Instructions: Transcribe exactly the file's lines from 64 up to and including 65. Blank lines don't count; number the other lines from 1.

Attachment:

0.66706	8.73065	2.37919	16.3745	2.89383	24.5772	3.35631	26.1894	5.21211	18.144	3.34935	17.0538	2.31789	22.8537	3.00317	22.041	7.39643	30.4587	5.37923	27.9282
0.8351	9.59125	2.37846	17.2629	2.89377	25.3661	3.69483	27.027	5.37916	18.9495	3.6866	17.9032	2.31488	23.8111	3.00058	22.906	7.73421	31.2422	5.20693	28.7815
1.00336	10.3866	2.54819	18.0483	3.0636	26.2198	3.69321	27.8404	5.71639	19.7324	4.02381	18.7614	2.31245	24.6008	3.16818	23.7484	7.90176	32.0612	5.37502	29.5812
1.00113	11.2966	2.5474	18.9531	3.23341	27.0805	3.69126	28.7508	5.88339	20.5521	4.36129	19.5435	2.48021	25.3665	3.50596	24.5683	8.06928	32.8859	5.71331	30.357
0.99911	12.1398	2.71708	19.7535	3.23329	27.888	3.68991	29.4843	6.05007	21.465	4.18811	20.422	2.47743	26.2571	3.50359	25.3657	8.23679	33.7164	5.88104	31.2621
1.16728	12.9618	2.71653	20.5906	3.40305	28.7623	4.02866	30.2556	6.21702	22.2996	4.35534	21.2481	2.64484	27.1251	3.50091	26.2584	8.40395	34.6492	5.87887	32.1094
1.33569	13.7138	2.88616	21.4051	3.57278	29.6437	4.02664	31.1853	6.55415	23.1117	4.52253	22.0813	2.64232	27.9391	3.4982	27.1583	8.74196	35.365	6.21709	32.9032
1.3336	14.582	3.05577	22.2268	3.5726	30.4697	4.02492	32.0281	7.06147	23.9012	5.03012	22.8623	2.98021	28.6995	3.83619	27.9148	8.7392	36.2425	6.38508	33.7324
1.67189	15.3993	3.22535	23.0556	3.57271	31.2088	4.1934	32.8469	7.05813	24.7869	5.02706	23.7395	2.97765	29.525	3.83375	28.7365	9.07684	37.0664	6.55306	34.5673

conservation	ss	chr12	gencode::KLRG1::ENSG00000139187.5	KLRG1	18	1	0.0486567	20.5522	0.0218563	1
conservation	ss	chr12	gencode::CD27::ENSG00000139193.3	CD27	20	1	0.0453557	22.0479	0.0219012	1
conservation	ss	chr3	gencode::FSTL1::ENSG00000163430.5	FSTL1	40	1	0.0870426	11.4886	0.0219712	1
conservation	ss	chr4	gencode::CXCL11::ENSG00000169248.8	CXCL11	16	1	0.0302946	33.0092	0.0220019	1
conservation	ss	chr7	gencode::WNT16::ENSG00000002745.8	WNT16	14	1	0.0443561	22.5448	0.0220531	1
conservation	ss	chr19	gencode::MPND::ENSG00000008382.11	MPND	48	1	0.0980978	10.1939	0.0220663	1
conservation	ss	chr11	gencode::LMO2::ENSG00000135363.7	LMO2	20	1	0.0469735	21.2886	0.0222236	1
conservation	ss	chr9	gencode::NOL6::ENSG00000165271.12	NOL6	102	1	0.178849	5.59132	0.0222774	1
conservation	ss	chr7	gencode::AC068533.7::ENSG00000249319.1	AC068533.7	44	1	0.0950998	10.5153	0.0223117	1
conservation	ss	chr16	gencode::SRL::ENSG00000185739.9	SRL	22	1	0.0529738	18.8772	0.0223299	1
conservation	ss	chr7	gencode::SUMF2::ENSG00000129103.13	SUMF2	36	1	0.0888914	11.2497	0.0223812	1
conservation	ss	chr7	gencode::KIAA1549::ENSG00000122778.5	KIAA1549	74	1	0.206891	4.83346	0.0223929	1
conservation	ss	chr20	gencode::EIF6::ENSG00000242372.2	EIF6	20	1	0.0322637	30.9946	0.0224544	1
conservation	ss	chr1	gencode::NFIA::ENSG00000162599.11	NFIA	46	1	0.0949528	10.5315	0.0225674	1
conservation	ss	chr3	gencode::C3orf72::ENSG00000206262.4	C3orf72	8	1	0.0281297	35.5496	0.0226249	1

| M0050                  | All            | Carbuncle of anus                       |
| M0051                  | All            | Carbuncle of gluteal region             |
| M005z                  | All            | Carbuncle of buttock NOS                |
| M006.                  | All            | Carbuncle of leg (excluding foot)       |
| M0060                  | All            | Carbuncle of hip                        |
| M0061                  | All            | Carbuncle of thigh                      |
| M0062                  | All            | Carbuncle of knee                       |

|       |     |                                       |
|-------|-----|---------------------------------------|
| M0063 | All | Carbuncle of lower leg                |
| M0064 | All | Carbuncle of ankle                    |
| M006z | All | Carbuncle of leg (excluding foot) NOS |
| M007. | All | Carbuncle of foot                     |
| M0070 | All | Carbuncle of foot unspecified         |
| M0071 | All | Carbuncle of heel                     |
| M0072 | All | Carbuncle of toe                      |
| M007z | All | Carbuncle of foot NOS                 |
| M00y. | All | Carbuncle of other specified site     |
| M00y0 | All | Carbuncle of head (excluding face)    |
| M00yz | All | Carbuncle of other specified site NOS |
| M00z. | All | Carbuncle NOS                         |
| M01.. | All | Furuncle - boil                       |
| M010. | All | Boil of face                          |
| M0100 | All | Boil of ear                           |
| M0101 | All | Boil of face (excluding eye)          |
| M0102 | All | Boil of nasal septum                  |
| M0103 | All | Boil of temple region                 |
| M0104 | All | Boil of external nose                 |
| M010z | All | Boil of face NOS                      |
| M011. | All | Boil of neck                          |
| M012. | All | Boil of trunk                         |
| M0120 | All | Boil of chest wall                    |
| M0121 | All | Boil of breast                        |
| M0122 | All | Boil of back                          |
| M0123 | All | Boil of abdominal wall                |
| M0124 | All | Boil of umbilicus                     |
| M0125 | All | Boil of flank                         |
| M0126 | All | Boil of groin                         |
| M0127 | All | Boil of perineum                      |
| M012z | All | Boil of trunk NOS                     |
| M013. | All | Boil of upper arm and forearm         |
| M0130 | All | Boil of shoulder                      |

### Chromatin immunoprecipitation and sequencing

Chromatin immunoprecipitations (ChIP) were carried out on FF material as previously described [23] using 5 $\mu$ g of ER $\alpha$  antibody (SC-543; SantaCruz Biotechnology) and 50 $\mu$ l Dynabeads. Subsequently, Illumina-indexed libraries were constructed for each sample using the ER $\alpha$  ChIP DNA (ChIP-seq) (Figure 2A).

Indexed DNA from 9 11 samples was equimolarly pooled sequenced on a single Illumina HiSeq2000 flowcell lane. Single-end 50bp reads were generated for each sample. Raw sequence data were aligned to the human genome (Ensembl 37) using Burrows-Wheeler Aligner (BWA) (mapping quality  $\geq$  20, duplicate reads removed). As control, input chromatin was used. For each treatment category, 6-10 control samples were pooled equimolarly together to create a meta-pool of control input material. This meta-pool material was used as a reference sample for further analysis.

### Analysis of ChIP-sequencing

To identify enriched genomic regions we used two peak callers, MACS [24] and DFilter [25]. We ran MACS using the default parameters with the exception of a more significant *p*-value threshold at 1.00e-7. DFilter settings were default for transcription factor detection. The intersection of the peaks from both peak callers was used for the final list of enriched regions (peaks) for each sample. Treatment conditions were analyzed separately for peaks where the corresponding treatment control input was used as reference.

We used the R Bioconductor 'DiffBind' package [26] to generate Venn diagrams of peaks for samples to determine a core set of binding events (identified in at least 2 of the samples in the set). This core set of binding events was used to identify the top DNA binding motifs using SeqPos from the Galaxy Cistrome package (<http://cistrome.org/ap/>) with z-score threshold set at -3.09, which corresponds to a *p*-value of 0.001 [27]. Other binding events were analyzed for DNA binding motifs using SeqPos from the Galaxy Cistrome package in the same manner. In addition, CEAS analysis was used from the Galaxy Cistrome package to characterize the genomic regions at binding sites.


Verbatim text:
| M012z | All | Boil of trunk NOS                     |
| M013. | All | Boil of upper arm and forearm         |